"We came up with the idea for this disk some years ago," says Dr Török. "But did not have the means to prove whether it worked. To do that we developed a precise method for calculating the properties of reflected light, partly due to the contribution of Peter Munro, a PhD student working with me on this project. We are using a mixture of numerical and analytical techniques that allow us to treat the scattering of light from the disk surface rigorously rather than just having to approximate it."

Increasingly manufacturers are looking at miniaturising the size of optical disks, says Dr Török.

"Multiplexing and high density ODS comes in handy when manufacturers talk about miniaturisation of the disks," he says. "In 2002 Philips announced the development of a 3cm diameter optical disk to store up to 1GB of data. The future for the mobile device market is likely to require small diameter disks storing much information. This is where a MODS disk could really fill a niche."

Imperial College Innovations Ltd, the College's wholly owned technology transfer company, managed and helped to prepare the patent application.


For further information, please contact:

Dr Peter Török
Department of Physics
Imperial College London
Tel : +44 (0)20 7594 7753

*Please note Dr Török will be away from College at the conference in Taiwan from 24 September. Please contact Abigail Smith if you wish to reach him in Taiwan.*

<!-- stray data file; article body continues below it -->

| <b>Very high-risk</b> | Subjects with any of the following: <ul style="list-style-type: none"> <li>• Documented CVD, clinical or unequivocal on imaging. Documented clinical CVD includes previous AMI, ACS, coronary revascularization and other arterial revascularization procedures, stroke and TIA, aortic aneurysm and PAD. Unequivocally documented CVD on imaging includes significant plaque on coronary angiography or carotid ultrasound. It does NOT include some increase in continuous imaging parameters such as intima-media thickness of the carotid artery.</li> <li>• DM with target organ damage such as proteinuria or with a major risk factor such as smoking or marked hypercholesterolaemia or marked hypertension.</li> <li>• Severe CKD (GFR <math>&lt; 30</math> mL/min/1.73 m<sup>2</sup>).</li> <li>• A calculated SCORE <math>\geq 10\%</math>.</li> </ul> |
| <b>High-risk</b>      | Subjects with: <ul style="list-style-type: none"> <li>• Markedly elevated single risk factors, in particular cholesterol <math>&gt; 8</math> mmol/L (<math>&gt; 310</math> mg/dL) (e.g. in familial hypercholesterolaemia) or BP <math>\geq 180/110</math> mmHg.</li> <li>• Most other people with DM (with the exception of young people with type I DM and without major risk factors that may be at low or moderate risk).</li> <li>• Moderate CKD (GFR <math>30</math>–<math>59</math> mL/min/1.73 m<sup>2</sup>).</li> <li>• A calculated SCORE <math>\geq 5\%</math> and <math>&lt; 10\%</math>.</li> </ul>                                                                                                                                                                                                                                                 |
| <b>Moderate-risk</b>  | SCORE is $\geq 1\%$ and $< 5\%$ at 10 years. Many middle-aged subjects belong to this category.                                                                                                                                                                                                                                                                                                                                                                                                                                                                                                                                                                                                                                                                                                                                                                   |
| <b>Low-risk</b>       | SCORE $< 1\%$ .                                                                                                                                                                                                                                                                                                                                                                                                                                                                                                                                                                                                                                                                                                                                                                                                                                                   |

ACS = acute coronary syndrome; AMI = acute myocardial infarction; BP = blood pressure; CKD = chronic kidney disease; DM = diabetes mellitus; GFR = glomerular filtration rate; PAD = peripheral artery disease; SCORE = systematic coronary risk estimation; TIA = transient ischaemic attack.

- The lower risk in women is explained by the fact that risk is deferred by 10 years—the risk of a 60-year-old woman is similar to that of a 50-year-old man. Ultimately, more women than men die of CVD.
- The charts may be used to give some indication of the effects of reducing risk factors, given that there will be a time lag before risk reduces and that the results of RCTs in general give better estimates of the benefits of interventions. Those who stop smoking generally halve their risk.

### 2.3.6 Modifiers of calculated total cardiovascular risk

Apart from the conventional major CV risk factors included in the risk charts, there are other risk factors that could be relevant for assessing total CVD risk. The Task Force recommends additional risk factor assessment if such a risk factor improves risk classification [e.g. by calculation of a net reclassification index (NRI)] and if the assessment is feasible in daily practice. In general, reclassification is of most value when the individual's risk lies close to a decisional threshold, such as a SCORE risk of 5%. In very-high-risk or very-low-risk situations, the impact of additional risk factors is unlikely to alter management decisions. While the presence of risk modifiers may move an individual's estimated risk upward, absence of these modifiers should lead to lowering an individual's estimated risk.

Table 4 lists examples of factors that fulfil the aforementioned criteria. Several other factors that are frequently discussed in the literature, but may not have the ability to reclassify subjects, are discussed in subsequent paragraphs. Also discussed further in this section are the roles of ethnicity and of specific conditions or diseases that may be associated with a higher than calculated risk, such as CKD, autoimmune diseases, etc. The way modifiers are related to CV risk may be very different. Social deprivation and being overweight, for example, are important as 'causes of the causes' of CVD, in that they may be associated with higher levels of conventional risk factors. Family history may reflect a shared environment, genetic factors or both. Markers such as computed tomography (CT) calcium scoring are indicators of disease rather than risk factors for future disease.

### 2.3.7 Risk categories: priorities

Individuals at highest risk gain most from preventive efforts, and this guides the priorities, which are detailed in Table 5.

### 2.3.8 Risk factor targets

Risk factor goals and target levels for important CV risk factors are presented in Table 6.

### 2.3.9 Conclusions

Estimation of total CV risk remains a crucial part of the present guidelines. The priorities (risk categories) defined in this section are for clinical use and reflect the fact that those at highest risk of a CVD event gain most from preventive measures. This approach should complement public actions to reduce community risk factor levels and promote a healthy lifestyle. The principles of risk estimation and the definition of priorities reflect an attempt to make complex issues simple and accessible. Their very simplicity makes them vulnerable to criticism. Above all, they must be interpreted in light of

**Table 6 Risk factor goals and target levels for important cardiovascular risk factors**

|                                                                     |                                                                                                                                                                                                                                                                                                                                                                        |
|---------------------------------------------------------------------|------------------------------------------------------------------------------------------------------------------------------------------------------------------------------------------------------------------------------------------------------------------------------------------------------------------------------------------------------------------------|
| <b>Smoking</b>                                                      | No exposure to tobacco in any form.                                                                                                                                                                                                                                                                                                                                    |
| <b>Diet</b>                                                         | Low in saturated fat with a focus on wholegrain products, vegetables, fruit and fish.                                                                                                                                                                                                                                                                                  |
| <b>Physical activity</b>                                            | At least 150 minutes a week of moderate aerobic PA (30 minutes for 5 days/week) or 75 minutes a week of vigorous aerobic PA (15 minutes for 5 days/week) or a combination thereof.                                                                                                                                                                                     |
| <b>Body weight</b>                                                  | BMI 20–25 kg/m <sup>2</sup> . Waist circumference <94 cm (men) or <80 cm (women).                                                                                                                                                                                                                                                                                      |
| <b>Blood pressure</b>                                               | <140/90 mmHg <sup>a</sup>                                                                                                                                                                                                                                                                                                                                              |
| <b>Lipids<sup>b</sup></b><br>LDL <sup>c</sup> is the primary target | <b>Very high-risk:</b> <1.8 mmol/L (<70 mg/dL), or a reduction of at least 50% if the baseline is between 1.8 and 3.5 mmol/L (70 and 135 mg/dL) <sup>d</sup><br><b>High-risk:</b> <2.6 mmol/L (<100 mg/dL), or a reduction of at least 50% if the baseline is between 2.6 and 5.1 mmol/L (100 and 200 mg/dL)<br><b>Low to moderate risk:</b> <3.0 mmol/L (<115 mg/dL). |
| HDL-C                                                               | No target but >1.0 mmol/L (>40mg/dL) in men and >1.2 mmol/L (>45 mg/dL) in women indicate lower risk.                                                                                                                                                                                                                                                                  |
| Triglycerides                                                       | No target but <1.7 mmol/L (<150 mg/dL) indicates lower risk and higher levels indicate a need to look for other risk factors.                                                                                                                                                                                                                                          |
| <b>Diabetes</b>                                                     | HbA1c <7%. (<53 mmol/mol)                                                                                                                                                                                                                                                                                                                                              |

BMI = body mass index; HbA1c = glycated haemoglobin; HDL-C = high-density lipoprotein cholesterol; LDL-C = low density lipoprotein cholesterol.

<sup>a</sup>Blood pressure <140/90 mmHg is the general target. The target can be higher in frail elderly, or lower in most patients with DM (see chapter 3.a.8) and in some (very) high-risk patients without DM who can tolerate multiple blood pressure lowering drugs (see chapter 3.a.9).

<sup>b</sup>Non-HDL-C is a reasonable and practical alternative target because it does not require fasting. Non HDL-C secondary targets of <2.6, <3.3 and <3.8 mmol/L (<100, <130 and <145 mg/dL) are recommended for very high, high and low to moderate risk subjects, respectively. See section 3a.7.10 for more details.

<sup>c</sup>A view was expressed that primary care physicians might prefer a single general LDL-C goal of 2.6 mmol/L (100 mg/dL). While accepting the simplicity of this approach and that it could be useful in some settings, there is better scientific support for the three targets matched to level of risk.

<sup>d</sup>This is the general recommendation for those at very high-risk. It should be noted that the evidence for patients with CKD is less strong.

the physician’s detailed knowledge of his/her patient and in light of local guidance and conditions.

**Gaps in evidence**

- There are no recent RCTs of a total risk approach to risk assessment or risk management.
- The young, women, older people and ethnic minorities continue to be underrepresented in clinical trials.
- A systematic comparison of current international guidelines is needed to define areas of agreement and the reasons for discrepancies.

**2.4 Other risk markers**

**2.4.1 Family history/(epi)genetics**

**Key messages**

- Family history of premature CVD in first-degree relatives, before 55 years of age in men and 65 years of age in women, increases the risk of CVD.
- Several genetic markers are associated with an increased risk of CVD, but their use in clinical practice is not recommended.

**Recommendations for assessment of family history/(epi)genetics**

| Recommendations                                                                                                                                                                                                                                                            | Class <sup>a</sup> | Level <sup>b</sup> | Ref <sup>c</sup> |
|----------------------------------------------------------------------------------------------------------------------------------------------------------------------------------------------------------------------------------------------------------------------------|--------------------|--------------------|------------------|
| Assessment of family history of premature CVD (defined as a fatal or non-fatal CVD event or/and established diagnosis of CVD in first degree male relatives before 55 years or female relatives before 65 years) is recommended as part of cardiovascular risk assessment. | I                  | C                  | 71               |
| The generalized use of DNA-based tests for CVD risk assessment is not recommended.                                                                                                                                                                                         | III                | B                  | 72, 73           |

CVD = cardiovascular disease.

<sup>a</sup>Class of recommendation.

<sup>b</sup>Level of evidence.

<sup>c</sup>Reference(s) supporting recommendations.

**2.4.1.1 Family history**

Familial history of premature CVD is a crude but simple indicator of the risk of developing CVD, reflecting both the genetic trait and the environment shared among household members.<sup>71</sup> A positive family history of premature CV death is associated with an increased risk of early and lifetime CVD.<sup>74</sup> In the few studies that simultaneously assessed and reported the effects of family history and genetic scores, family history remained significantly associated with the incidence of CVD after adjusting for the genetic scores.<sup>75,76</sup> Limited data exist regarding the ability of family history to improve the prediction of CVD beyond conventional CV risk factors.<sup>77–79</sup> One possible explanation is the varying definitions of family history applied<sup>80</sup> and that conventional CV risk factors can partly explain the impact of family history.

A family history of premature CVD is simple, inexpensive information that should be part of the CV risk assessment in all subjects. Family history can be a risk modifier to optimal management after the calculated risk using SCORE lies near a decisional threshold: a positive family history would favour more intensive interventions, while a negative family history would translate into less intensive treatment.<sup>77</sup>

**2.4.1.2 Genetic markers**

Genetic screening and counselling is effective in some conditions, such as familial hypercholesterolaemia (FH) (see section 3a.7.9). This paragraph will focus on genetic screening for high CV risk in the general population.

Abigail Smith
Imperial College London Press Office
Tel: +44 (0)20 7594 6701
Mob: +44 (0)7803 886248

Notes to Editors:

Dr Török is talking at Asia-Pacific Data Storage Conference 2004 (APDSC'04) at The Ta-Shee Resort, Taoyuan, Taiwan, from 27-29 September 2004.

Calculated capacities for TV and Film on MODS disks

A single layer 250GB MODS disk could hold 118 hours or 7,080 minutes of broadcast quality film. This equates to:

*All 10 series of Friends (238 episodes at 25 minutes each = 5,950 minutes = 99 hours). All 10 series would fit on a MODS 118 hour disk.

*All three seasons of 24 (3 seasons at 3,240 minutes) Would fit on one single sided disk twice.

*The Lord of the Rings Trilogy. Would fit 13 times on one single sided disk.

*Every episode of Only Fools and Horses (2,830 minutes) would fit on single layer disk 2.5 times over.

*Sex and the City (94 35 minute episodes = 3,290 minutes) would fit twice on 250GB single sided disk.

*The Sopranos (65 episodes at 60 mins = 2,100 mins) would fit three times.

*Buffy the Vampire Slayer (144 episodes at 45 mins each = 6,480 minutes / 108 hours) would all fit on one single sided disk.

*The West Wing (113 episodes aired so far (in USA) at 60 mins = 113 hours) would fit on one 250GB single sided disk.

A double sided, double layer 1TB MODS disk could hold 472 hours or 28,320 minutes of broadcast quality film. This equates to:

*Star Trek, Next Generation: all 178 hour-long episodes.

*ER: all 231 episodes so far.

*BUT even a 1TB disk wouldn't be big enough to hold every episode of Eastenders made so far.

(Episode information from, and

Patent detail:

P. Török, M. Salt, P.R.T. Munro, H.-P. Herzig, E.E. Kriezis, C. Rockstuhl - Optical Disk and Reader Therefor, British Patent Application No: 0416649.2

About Imperial College London

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About Imperial College Innovations Ltd

Imperial Innovations is one of the United Kingdoms leading technology transfer companies, having developed an impressive portfolio of over 50 successful technology-based companies since 1997. Imperial Innovations is wholly owned by Imperial College London; a world-renowned centre of academic excellence. Imperial Innovations is committed to the creation of wealth for Imperial College, and the company's mission is to match the outstanding quality of research at Imperial College with excellence in technology transfer.